Jannah Theme License is not validated, Go to the theme options page to validate the license, You need a single license for each domain name.

My truck’s engine fan won’t stop running


AAA Northeast Car Doctor John Paul answers a question from a reader whose 2011 pickup truck has a fan that never turns off.

The Car Doctor answers a question from a reader whose 2011 pickup truck has a fan that never turns off.

The Car Doctor answers a question from a reader whose 2011 pickup truck has a fan that never turns off. Nissan

Q. My 2011 Nissan Frontier’s engine fan runs constantly. It would start when needed for cooling and air conditioning purposes. Since I’m pretty sure they’re all electric now, where is the switch or sensor located? My guess is that when it becomes faulty it goes into default mode and stays on instead of dangerously not working at all.

A. The fan in your Nissan and many other vehicles has multiple speeds. The computer controls the fan speed based on information from the temperature sensor. Unlike some other vehicles that use a separate temperature sensor for the fan and one for the computer, Nissan only lists one sensor. The sensor, relays (there are two), wiring, or the fan itself could be causing the problem. A technician with a scan tool will be able to read the temperature data as well as command the fan to turn on and off. This will help verify which components are working.

Q. I’m tired of being blinded by headlights. I’ve been driving for 50 years and these new cars have headlights that are just too bright. What can be done about this? They should be illegal.

A. Interestingly, most of the complaints I get about bright headlights come from people who can most benefit from better vision at night. At 60, we need three times more light to see than when we were 20. I’ve evaluated thousands of vehicles over the past 40 years, and there are certainly good and bad headlight designs. In addition to glare, our eyes are attracted to the brightest light. So when we see a brighter lighthouse, we tend to stare at it. Just as we need more light to see as we age, we also need more time to adjust to glare. Before about 1980, most cars had standard incandescent headlights, then cars switched to halogen lights and people complained. The problem was quickly resolved, as halogen headlights were relatively inexpensive and many drivers switched to halogens. Then brighter Zenon or HID lights started appearing. This was a very expensive option for luxury cars. Now HID lights are being replaced by LED lights and that’s part of the problem. Many drivers buy aftermarket LED bulbs, and these bulbs can be very bright and not legal for road use – but people buy them. Recently, the 40-year-old headlight rules were updated by the DOT/NHTSA to allow European-style headlights. One model is the Matrix light, I saw/tested them in an Audi. There are 13 bulbs on each side of the car and no traditional high/low beams. These lights provide incredible light but turn off the bulb/light segments when other vehicles approach. This design provides sufficient light to the side of the road and does not blind oncoming drivers.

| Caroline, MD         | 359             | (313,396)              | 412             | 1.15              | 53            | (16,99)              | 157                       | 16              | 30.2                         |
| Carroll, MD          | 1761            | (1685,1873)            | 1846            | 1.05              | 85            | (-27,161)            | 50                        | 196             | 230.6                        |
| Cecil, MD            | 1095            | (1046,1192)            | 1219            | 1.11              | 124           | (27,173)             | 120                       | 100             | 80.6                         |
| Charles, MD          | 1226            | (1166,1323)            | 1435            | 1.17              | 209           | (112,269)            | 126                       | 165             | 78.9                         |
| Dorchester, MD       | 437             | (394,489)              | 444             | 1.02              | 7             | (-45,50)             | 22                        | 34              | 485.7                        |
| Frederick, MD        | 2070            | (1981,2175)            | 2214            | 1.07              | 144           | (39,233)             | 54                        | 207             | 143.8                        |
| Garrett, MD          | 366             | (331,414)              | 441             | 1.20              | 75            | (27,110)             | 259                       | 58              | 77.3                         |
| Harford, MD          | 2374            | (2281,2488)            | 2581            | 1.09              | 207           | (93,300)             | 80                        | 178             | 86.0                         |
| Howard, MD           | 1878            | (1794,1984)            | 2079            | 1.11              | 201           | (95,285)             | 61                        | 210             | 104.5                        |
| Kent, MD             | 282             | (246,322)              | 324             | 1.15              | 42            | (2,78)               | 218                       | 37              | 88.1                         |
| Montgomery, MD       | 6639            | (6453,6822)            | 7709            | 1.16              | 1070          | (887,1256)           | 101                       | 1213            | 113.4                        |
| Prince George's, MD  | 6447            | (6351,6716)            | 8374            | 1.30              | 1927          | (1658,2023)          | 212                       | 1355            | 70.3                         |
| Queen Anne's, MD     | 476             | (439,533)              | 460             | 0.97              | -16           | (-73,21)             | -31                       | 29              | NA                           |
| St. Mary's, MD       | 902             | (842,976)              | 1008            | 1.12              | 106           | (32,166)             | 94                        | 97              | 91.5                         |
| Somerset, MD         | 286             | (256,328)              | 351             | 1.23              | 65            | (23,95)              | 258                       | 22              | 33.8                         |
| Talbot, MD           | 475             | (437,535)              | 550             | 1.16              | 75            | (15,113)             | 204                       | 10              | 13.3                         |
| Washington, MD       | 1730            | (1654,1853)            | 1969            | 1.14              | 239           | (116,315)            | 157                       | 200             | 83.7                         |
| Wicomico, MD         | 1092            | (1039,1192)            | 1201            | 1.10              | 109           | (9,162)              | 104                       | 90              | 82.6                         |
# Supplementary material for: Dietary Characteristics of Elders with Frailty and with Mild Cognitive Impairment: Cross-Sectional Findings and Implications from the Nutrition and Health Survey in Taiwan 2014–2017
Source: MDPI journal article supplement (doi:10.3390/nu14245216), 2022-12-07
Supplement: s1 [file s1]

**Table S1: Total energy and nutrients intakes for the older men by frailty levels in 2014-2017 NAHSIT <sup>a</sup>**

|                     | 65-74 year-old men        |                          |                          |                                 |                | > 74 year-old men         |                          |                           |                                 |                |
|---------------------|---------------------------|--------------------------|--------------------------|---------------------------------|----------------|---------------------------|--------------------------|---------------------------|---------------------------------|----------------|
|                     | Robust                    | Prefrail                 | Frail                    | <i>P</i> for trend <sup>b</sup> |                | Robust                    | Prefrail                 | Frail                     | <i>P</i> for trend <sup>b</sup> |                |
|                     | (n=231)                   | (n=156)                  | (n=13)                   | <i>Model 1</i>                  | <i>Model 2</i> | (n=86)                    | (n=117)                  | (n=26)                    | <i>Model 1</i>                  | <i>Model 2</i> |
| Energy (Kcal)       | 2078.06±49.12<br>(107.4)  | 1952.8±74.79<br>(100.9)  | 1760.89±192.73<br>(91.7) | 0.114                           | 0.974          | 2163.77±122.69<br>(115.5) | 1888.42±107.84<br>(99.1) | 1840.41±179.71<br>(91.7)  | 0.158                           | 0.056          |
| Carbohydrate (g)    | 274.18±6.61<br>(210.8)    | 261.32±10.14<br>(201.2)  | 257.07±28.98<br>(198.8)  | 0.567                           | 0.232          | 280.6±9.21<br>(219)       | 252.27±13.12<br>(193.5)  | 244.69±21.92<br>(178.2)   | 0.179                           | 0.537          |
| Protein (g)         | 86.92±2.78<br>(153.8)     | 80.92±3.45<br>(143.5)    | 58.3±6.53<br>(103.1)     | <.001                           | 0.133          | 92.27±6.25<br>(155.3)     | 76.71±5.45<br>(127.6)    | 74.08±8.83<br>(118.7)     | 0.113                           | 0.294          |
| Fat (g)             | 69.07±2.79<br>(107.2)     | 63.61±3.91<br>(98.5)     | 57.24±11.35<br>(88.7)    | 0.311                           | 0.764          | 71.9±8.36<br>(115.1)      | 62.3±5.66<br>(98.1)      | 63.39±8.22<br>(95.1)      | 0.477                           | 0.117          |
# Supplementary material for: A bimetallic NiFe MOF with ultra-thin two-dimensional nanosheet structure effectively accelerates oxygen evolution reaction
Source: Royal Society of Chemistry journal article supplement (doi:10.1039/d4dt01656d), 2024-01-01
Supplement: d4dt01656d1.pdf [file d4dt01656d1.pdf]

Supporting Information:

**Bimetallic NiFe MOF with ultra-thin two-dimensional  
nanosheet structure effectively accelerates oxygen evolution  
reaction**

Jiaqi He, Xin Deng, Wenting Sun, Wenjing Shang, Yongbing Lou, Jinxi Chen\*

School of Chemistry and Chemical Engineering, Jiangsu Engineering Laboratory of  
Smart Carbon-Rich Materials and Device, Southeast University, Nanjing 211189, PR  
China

Q. I recently saw a Tesla powered Toyota RAV4 for sale. The car was older, but it said it had a Tesla transmission. When did it happen?

A. I suspect what you may have seen was a RAV4 with an early Tesla battery (made by Panasonic). I remember seeing them at one of the big car shows around 2010, and at the time most people just thought EVs were a fad and Tesla was going to be nothing more than a brief mention in automobile history books.

Q. What things should I check or do to prepare my car for summer? After staying home for three years due to COVID, it’s time to explore our country. This will be my wife and I and our small dog in our 2018 Honda CR-V. The car appears to be in good condition and only has 40,000 miles.

A. Being a 2018 model still makes your Honda sound new, but it’s six years old and some maintenance and repair may be necessary. With 40,000 miles on the odometer, the car might need new tires (a great investment for a long road trip) and the brakes might be nearing the end of their useful life. Change the engine oil, air and cabin filters, check the battery (if it is original, simply replace it). Check all belts, hoses and coolant level and condition. If the brakes need to be replaced, replace the brake fluid as well. If you drive with a roof rack and also drive on mountain roads, change the transmission fluid before your trip and use only Honda fluid. Enjoy your trip and send photos.

John Paul is AAA Northeast’s automotive doctor. He has over 40 years of experience in the automotive industry and is an ASE Certified Master Technician. Send your question to Car Doctor by email to (email protected). Listen to the Car Doctor podcast on johnfpaul.podbean.com.


Back to top button